Think about what you want to do after school, and where you want to live, because you will most likely end up working in the city where you attend law school.
Both Marquette and Kent are essentially local/regional schools, and the connections you make during law school will be very important when it comes time to look for a job. When you're talking about local reputation schools, it's important to understand that most of the opportunities to make such connections, via internships for example, will also be local. Although both schools have decent reputations, they aren't the kind of elite schools whose name alone will open doors outside of their region.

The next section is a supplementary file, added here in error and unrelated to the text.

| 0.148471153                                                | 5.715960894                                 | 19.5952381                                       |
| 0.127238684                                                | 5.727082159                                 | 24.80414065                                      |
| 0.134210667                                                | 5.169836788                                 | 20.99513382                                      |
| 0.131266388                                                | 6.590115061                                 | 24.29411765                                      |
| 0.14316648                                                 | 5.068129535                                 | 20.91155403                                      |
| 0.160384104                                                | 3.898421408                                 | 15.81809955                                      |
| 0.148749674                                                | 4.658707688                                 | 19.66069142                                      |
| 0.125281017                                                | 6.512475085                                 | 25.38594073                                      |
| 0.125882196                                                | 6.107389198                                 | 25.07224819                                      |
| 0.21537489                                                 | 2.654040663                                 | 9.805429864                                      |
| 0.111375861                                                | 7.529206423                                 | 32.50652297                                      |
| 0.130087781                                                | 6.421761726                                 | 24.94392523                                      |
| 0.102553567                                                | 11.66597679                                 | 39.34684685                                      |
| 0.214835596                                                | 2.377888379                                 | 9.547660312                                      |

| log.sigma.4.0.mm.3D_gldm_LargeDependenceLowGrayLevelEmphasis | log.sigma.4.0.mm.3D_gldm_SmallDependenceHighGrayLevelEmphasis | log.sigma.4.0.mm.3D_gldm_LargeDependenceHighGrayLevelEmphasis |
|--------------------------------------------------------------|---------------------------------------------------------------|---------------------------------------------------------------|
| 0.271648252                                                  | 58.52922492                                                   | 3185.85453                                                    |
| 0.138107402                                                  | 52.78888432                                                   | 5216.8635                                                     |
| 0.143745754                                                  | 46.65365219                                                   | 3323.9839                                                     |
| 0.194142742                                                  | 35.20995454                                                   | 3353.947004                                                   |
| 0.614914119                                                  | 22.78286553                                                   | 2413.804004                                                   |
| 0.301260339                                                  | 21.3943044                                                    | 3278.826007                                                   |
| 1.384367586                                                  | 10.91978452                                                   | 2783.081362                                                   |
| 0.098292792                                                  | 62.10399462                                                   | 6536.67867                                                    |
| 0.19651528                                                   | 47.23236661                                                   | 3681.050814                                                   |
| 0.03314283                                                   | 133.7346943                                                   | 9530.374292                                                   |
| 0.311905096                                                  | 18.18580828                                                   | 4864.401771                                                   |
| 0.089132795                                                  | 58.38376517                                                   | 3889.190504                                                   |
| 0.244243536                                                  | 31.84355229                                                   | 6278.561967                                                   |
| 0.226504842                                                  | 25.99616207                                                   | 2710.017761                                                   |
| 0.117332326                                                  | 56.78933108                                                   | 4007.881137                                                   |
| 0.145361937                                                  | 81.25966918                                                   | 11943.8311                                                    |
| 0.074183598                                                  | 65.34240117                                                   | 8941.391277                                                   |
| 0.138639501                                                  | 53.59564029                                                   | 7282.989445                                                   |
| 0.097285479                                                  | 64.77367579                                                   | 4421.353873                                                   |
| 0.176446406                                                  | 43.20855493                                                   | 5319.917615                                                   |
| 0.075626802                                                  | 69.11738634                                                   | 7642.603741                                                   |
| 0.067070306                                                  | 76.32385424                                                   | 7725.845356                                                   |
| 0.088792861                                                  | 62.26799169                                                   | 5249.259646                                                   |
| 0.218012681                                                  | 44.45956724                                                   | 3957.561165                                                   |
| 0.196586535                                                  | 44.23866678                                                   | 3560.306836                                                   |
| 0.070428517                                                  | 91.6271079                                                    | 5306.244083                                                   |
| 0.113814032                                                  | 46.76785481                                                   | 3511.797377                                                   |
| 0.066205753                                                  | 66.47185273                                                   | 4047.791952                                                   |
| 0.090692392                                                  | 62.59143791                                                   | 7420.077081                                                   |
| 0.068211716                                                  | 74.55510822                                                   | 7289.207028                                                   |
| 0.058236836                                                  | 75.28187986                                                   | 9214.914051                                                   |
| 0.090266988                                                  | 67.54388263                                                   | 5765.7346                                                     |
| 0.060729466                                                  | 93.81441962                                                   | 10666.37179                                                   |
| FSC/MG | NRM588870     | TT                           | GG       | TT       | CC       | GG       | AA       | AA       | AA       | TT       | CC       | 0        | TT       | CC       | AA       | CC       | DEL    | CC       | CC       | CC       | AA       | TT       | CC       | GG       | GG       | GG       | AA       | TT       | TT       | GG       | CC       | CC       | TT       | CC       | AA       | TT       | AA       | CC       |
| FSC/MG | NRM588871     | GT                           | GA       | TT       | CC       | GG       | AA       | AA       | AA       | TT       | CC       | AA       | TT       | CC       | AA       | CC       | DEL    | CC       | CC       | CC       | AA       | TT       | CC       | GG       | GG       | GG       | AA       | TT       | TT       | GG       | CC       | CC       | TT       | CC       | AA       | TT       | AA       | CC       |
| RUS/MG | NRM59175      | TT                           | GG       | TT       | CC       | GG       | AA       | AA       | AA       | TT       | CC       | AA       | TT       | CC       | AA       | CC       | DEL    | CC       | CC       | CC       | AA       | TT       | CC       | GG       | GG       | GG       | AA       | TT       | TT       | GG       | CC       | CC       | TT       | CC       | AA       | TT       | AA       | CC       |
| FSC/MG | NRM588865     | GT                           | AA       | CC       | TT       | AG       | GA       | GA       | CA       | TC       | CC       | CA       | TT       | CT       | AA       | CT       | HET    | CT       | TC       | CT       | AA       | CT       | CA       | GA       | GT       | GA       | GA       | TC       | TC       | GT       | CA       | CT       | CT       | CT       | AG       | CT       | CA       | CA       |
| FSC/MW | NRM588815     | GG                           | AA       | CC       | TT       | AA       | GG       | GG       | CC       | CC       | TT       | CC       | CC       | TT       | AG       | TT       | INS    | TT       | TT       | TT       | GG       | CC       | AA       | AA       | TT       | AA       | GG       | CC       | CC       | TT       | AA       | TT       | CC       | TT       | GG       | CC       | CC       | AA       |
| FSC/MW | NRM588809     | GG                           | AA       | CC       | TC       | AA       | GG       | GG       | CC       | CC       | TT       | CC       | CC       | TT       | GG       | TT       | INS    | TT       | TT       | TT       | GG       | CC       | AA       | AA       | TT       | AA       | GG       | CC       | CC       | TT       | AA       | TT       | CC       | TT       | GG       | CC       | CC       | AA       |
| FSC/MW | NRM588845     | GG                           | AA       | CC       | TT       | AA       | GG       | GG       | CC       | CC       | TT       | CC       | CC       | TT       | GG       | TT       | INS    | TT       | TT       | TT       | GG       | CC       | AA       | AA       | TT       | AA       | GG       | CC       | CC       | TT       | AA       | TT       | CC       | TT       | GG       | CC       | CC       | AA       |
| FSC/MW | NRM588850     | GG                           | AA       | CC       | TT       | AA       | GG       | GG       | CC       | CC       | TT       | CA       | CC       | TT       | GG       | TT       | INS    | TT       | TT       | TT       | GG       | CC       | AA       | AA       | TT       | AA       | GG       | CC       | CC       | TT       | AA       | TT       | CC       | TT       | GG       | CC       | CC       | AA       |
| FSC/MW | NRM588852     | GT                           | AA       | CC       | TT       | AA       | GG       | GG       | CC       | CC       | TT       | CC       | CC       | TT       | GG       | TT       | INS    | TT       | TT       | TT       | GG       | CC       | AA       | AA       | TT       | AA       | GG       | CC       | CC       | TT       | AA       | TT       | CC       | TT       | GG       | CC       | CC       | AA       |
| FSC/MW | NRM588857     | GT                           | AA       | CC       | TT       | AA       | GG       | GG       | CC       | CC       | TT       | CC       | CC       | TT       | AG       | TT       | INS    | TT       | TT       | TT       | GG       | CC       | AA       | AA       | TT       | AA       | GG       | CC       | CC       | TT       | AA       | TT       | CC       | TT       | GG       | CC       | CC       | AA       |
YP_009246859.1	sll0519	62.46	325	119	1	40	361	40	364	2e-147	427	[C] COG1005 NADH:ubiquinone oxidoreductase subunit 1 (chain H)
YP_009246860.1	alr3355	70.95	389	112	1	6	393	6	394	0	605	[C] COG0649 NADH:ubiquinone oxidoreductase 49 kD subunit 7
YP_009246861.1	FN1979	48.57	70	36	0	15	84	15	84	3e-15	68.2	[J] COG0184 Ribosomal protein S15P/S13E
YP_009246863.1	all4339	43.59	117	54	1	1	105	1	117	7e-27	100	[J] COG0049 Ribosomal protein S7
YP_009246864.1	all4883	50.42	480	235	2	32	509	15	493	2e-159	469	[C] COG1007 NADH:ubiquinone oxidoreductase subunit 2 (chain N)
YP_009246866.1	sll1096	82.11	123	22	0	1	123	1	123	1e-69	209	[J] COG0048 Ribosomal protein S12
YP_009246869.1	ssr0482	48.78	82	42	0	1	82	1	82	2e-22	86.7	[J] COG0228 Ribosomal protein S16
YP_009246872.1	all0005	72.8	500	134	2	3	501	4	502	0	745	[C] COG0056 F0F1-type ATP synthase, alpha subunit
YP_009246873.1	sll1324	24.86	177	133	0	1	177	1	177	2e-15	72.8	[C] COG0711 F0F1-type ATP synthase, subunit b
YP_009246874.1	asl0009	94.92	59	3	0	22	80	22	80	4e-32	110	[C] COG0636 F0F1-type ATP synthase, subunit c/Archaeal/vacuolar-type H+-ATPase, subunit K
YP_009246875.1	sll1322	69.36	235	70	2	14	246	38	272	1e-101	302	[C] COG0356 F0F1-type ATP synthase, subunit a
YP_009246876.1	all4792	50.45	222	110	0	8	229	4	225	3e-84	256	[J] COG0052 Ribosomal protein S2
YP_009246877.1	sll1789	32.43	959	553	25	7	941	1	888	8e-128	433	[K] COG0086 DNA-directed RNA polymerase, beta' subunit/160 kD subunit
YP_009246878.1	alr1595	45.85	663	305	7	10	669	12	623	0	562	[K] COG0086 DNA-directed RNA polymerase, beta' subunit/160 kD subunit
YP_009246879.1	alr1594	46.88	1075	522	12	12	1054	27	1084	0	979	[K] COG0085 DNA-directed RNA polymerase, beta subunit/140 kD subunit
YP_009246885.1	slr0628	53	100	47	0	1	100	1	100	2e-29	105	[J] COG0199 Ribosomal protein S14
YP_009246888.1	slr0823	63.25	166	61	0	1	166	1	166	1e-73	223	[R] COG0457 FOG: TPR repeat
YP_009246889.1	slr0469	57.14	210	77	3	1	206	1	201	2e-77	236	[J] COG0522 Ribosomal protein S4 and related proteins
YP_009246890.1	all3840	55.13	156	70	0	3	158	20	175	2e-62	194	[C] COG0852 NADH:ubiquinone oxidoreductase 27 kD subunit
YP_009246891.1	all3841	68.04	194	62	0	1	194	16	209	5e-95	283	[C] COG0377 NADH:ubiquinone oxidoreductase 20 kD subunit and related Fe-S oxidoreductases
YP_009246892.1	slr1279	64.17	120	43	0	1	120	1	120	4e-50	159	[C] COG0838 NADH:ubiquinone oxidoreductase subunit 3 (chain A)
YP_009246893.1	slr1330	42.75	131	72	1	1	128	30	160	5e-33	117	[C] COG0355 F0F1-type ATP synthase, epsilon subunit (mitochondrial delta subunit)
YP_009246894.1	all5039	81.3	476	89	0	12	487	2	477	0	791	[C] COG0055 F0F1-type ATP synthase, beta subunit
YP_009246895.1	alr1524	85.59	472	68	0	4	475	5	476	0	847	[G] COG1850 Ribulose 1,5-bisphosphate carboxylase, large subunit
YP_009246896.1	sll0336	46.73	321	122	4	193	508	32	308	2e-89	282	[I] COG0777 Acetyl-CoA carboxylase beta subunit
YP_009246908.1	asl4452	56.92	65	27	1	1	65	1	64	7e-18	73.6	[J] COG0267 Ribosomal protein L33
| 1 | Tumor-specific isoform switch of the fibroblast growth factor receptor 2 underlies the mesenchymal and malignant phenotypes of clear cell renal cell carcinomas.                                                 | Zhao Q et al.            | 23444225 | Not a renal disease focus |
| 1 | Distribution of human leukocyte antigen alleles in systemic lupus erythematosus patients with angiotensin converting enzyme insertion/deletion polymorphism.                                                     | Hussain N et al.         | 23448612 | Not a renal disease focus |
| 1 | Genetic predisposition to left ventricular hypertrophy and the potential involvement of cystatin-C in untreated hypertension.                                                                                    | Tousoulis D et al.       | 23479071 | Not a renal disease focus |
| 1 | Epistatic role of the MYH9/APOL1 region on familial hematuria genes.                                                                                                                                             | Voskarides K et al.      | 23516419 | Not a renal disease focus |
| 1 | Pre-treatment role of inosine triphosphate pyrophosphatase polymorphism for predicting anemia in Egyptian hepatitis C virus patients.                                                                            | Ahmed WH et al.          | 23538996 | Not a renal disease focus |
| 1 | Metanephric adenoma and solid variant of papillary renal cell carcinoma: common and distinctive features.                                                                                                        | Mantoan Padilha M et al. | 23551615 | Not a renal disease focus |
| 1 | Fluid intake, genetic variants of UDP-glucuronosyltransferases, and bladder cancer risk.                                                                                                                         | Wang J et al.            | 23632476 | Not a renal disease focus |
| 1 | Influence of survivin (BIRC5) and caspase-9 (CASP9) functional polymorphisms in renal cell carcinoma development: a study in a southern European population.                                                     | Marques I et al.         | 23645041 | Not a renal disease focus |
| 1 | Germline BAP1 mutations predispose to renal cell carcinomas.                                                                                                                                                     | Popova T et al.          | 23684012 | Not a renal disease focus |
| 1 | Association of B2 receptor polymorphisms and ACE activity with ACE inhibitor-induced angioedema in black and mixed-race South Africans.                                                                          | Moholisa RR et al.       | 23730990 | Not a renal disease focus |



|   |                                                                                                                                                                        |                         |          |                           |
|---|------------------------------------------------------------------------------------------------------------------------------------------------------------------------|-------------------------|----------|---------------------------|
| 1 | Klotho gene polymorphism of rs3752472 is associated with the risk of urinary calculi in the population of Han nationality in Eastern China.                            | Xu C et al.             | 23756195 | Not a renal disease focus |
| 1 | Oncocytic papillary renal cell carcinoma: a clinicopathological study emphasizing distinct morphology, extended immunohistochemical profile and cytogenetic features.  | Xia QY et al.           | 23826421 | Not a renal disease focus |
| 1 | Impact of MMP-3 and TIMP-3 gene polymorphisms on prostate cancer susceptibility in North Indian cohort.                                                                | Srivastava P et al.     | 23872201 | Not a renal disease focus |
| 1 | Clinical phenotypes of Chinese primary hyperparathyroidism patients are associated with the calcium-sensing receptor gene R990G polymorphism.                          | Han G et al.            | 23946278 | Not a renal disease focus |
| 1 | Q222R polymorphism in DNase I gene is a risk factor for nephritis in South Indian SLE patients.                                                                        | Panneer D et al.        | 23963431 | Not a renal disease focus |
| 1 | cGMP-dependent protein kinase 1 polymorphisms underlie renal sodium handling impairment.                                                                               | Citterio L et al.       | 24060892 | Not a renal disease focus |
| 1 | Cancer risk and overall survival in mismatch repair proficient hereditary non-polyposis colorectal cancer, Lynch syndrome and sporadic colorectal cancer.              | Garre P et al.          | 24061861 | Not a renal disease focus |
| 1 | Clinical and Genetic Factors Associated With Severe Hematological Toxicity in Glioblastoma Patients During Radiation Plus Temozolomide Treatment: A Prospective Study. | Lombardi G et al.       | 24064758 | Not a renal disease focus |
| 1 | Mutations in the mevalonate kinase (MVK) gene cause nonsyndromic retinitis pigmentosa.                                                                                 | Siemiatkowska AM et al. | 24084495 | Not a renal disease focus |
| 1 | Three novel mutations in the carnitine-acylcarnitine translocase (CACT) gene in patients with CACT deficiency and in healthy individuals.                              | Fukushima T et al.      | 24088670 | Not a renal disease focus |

So, if you wanted to be a prosecutor in Chicago, for example, you'd probably be better off attending Kent which would give you the opportunity to effectively compete for internships at the DA's office. Could you still land such an internship coming from Marquette? Sure, but it will likely be harder, and you'll have to compete against local talent who have better access to the system. When I was a law student I scored a very competitive government internship because one of the head attorneys was also an adjunct at my law school. If I had just applied to the position blindly and as an out of towner, I would have had no chance. The same goes for most private law firms. It's crucial to make local connections in the city in which you plan to live.